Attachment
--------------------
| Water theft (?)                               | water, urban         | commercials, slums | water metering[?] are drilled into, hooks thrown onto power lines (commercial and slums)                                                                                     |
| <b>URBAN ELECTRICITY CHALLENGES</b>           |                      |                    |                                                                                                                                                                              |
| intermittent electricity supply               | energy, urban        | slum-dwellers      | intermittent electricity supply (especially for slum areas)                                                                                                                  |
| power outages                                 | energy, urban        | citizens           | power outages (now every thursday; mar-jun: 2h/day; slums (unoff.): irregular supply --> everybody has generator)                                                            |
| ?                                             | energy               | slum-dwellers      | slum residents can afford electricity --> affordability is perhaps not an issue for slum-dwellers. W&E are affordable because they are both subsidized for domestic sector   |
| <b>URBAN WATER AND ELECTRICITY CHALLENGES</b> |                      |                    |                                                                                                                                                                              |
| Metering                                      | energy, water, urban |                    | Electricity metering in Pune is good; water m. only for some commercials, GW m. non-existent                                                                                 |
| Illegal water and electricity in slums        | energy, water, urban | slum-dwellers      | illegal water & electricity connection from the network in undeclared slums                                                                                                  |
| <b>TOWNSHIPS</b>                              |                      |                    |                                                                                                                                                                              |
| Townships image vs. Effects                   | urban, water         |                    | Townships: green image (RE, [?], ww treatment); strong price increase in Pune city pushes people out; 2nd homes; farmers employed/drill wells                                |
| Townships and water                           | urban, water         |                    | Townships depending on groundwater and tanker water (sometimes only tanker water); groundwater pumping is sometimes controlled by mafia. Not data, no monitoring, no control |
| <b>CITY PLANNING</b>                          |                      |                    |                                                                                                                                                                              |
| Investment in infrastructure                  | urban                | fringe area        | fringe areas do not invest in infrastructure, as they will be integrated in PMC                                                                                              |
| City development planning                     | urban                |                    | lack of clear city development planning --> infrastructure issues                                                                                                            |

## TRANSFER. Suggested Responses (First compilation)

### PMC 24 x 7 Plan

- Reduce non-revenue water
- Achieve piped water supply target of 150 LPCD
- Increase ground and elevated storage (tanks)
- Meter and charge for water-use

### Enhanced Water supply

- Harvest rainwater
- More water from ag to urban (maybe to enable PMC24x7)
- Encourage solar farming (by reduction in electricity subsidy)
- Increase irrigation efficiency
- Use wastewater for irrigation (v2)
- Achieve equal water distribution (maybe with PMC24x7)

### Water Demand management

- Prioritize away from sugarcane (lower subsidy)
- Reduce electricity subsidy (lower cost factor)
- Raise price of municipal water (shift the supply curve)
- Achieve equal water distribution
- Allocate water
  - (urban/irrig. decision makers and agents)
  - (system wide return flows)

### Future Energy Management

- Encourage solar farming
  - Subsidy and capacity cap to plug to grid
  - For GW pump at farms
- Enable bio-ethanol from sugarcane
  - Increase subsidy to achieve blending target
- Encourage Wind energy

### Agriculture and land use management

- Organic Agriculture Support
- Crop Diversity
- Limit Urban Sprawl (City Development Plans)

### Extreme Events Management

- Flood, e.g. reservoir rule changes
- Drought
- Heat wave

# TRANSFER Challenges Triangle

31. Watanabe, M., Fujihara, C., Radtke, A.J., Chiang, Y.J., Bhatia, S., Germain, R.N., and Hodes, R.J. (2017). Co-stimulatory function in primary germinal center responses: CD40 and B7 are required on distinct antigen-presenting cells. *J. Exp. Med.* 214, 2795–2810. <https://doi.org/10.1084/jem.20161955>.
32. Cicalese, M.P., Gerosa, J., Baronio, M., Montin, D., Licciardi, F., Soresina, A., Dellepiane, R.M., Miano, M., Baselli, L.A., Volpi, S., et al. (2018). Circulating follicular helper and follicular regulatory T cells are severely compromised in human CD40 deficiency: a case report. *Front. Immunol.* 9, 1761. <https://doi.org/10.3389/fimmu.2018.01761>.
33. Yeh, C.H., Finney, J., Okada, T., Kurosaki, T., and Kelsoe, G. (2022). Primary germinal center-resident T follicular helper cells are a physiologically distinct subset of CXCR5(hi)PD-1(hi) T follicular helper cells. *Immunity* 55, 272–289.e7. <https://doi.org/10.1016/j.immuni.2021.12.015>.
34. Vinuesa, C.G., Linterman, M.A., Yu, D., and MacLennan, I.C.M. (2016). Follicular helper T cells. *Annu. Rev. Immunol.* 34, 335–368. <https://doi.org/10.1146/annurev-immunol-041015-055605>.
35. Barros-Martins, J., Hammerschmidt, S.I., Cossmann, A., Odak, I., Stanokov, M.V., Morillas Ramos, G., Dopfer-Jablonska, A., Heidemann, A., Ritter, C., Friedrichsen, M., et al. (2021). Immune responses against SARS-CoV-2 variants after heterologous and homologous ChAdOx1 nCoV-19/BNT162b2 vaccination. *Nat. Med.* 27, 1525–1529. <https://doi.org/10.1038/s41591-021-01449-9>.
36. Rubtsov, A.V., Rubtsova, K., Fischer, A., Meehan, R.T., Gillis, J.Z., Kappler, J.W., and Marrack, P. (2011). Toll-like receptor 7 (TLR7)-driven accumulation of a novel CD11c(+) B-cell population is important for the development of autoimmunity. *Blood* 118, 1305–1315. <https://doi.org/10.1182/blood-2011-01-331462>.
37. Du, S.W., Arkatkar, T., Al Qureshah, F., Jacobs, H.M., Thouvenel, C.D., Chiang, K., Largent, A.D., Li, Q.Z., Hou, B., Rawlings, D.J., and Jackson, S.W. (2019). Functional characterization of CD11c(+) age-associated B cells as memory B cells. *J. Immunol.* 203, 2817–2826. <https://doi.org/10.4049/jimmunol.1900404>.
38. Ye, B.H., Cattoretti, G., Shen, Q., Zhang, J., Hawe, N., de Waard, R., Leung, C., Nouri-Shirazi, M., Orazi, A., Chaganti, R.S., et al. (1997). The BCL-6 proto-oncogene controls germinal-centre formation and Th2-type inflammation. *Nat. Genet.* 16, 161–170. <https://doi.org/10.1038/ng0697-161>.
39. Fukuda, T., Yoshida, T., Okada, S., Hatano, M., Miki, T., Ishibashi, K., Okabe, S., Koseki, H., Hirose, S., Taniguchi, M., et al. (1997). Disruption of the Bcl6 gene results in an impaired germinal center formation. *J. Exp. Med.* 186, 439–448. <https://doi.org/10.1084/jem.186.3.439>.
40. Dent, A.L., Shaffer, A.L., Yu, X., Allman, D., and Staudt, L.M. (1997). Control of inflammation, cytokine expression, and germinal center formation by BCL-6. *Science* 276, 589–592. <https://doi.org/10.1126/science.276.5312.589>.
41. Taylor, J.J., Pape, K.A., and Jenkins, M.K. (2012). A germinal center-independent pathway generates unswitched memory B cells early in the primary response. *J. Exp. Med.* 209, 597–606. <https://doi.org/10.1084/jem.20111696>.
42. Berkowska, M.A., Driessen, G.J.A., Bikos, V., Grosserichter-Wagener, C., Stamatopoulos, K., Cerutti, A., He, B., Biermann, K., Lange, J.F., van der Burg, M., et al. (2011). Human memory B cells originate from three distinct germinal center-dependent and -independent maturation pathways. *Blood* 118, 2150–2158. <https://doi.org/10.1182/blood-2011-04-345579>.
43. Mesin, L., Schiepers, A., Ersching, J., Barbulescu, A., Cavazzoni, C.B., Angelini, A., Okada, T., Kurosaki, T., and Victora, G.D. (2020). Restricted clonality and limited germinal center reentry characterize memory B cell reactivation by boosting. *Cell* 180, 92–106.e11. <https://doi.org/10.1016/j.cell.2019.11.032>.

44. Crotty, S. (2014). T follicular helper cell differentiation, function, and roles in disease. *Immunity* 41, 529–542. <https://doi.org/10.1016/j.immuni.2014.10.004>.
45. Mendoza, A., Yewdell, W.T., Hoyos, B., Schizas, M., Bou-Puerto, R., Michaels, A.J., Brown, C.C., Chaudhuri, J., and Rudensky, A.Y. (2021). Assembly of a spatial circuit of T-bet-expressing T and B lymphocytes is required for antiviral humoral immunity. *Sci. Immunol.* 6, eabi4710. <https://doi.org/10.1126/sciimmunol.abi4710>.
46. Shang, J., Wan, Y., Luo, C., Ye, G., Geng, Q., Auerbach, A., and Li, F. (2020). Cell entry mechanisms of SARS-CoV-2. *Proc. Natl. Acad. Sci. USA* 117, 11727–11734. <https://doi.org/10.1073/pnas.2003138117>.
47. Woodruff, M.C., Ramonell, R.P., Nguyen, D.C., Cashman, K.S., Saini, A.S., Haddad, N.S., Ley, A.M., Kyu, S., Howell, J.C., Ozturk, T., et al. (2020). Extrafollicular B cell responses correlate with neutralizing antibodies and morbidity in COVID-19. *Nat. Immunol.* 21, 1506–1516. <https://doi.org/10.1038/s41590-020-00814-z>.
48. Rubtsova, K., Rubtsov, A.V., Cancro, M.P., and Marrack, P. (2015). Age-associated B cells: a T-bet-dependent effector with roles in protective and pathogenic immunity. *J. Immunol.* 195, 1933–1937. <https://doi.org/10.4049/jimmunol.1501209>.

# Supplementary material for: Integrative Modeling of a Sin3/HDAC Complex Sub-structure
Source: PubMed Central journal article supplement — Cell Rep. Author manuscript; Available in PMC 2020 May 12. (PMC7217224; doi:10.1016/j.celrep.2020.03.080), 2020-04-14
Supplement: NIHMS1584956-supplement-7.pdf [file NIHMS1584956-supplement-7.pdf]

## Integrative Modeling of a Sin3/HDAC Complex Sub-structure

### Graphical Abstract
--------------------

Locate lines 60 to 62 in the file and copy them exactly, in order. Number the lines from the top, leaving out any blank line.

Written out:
39. Fukuda, T., Yoshida, T., Okada, S., Hatano, M., Miki, T., Ishibashi, K., Okabe, S., Koseki, H., Hirose, S., Taniguchi, M., et al. (1997). Disruption of the Bcl6 gene results in an impaired germinal center formation. *J. Exp. Med.* 186, 439–448. <https://doi.org/10.1084/jem.186.3.439>.
40. Dent, A.L., Shaffer, A.L., Yu, X., Allman, D., and Staudt, L.M. (1997). Control of inflammation, cytokine expression, and germinal center formation by BCL-6. *Science* 276, 589–592. <https://doi.org/10.1126/science.276.5312.589>.
41. Taylor, J.J., Pape, K.A., and Jenkins, M.K. (2012). A germinal center-independent pathway generates unswitched memory B cells early in the primary response. *J. Exp. Med.* 209, 597–606. <https://doi.org/10.1084/jem.20111696>.